Some 12 million people are eligible to vote in the states of Baden-Wuerttemberg, Rhineland-Palatinate and eastern Saxony-Anhalt on Sunday.
With public misgivings growing over the 1.1 million asylum seekers who arrived in Germany last year, political analysts are forecasting large gains for the anti-immigration party, Alternative für Deutschland (AFD), in Sunday's regional elections.
German Chancellor Angela Merkel's Christian Democratic Union (CDU) party is expected to take a thrashing in this weekend's "Super Sunday" vote.
Over the weekend the anti-immigration, far-right AFD made gains in local elections in the central state of Hessen, securing its position as the third strongest political force in the region.
Its rising popularity is being seen as a historic achievement for a party that was only founded three years ago and looked close to collapse when its founder left last July.
"What we see is that the public's unhappiness with Angela Merkel's open-door policy towards aslymn seekers has manifested itself in a deterioration in the support of the CDU," says Geman politics specialist Charles Lees at the UK's Bath University.
Opinion polls show 47 percent of the population are happy with Merkel's policy on immigration and 50 per cent are unhappy.
"There's more of an unhappiness in the east of Germany and slightly less in the west," Lees points out. "If you looked at the polls six months ago before the asylum-seeker crisis broke, Merkel was very comfortable and the CDU was ahead.
"The AFD looks like it has the potential to eat into the CDU's monopoly on the right. It's running quite well in the state elections, in the polls they appear to be very strong and, if they maintain this level of support through to the next Bundestag election, then they could cause serious problems for the CDU, eating into their vote from the right."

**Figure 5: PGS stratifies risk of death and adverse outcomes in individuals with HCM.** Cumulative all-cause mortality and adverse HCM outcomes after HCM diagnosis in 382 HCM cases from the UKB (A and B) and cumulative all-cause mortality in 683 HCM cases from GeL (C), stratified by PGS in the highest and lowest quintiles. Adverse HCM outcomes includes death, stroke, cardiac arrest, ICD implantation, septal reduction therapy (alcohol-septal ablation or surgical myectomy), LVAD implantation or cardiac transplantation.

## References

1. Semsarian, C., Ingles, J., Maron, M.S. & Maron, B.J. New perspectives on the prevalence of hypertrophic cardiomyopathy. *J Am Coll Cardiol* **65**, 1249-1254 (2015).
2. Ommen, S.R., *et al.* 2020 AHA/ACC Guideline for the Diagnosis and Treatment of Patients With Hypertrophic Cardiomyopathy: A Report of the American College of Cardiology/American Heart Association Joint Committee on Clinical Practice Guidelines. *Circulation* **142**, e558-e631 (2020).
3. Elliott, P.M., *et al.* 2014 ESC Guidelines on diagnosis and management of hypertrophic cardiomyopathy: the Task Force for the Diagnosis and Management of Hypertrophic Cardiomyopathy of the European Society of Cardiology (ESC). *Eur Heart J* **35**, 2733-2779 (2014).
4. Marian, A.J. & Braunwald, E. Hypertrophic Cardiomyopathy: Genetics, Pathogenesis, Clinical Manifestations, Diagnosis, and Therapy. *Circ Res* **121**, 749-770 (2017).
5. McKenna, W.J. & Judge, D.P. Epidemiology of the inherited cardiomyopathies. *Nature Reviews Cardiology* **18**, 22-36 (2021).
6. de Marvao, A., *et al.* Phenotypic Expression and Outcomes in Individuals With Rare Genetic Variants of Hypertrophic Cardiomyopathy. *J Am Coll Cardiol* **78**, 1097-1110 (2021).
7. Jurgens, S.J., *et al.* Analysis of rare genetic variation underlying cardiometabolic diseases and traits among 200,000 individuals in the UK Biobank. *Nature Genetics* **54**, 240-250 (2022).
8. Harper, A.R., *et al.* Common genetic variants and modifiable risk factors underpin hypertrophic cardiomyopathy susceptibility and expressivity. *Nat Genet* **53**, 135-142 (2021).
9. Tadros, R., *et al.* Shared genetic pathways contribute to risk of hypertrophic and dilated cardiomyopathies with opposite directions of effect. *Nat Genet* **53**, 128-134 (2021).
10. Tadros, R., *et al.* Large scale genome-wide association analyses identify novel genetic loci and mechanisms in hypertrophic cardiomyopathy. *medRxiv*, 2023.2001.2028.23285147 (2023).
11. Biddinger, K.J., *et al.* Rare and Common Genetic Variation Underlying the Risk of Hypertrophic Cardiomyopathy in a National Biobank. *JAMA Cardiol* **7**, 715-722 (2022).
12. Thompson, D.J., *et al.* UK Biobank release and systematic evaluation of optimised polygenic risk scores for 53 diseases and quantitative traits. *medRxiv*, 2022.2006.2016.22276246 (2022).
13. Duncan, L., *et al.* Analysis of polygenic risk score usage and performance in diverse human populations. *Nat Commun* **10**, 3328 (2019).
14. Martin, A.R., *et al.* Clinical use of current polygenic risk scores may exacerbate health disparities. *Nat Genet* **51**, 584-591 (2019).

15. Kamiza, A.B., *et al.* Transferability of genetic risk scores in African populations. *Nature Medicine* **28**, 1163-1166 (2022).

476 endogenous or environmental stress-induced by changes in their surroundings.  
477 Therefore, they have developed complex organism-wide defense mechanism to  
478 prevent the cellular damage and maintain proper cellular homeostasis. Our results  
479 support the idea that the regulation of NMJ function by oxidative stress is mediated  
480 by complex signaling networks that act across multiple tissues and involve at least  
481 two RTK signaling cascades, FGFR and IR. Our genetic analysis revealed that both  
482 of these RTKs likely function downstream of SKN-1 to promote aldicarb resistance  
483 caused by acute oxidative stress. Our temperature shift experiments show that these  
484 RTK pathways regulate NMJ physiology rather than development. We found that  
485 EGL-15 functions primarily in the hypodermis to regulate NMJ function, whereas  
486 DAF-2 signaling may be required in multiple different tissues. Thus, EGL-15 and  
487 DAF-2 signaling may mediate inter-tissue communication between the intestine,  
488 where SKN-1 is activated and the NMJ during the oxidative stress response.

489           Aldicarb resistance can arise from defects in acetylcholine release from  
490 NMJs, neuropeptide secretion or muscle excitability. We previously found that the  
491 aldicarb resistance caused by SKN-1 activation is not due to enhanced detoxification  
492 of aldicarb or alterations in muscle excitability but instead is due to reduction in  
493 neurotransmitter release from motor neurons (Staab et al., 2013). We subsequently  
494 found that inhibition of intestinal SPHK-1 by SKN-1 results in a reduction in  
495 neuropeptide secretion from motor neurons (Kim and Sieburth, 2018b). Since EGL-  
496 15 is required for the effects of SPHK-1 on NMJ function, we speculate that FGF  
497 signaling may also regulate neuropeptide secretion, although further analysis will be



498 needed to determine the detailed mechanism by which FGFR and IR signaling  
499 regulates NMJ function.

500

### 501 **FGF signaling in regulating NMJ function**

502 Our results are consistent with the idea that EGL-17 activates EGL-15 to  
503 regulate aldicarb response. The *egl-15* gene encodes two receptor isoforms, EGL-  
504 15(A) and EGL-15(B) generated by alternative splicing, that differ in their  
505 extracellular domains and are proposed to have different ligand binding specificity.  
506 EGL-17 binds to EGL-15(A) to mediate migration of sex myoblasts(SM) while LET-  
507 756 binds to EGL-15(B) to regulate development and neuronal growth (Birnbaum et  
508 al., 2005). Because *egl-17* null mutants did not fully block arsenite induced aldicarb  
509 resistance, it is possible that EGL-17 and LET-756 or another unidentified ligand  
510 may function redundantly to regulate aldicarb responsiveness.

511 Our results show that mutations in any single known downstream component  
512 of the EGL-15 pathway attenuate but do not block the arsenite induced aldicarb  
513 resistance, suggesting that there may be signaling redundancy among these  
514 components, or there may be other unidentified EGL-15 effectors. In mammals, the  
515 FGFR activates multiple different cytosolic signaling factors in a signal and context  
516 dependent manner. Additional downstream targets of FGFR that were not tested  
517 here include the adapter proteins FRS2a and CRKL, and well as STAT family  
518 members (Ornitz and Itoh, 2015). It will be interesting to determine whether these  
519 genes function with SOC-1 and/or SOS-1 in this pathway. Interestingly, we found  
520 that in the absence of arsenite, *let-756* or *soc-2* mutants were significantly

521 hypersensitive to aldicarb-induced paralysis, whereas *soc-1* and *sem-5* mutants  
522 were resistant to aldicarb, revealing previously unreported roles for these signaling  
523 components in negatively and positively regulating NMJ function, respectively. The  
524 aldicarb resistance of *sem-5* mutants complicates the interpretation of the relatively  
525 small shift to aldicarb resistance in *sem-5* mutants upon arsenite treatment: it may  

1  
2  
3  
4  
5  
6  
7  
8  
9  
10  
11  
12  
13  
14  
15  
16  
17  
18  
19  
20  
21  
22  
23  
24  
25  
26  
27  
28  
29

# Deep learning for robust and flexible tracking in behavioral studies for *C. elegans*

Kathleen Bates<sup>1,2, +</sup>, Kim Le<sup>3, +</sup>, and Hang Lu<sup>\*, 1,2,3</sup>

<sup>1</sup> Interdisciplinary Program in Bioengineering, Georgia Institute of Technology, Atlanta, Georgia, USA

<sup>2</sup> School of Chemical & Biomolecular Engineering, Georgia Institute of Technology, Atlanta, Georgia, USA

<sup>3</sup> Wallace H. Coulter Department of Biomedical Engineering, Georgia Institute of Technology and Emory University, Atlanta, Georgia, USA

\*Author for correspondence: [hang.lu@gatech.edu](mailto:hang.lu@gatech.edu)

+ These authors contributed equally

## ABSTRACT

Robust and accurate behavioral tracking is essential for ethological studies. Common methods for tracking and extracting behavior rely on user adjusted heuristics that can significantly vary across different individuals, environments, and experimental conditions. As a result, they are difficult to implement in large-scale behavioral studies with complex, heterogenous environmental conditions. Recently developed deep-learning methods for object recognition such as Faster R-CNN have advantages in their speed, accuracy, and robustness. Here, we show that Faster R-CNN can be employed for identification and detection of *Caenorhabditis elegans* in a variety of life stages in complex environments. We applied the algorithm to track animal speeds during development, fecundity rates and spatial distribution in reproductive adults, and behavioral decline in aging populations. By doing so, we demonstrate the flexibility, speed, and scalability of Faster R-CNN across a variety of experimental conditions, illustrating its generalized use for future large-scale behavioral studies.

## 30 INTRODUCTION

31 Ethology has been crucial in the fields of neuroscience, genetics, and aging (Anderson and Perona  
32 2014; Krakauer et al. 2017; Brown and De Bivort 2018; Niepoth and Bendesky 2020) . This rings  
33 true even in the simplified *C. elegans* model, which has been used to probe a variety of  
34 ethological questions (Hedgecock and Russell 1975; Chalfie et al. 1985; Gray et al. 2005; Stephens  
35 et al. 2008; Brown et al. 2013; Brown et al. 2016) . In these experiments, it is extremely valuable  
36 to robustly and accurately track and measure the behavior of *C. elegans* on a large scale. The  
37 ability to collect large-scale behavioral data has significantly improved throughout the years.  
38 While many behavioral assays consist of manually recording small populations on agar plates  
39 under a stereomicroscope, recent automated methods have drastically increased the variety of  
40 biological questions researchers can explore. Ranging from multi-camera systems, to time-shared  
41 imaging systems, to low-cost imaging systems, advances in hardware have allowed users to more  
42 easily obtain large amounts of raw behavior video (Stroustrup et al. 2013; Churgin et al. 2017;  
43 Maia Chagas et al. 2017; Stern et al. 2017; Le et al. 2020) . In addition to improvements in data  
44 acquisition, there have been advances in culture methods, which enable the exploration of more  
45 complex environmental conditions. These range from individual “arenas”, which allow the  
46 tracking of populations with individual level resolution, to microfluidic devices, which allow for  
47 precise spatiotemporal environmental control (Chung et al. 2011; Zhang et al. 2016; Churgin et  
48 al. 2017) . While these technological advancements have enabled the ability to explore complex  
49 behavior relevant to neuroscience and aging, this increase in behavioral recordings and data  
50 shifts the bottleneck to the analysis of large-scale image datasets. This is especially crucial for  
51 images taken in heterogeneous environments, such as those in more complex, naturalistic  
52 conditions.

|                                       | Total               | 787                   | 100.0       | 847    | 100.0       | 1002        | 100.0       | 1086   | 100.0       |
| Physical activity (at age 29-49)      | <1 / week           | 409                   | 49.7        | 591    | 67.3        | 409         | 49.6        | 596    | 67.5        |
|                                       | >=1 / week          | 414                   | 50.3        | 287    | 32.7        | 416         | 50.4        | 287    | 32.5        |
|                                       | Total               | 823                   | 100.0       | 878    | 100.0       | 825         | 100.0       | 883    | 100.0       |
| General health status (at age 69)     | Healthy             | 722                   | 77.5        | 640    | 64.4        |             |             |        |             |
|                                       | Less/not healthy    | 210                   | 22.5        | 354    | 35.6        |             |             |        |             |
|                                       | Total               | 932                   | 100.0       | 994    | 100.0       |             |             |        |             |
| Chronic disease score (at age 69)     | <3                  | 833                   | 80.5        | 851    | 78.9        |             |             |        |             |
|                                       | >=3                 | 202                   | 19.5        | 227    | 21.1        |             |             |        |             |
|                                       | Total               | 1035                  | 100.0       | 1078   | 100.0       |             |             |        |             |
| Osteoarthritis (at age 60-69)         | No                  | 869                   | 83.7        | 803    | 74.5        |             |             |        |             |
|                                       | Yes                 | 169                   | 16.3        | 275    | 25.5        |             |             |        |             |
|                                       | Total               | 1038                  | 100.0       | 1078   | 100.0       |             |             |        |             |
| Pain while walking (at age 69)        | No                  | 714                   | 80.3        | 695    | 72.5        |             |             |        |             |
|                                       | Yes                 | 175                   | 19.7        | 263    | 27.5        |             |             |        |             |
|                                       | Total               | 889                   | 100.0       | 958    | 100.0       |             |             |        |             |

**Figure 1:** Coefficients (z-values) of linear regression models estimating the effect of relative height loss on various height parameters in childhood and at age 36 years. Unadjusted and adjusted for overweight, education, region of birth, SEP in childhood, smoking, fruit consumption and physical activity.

Immigration will be important in Sunday's elections, according to William Paterson, an honorary professor of German and European Politics at Aston University in the UK.
"It is a key issue because there are very few other issues; Germany has done very well," he told RFI. "Suddenly, almost out of the blue sky, last summer, immigration becomes a key issue.
"There is some opening to the far right, mainly concentrated in what was Eastern Germany, but it's still a minority. Any solution to the refugee crisis depends on cooperation from other EU members and a willingness of other EU members to bear part of the burden and that's just not there.
Paterson believes the threat from the AFD is exaggerated in the immediate future.
"Clearly, the longer it is not possible to find a solution to the refugee question, then the worse it is for the Chancellor," he adds. "She is protected by two things. First of all, the [centre-left] SDP party is so weak. And secondly, there is no conceivable rival in the immediate future."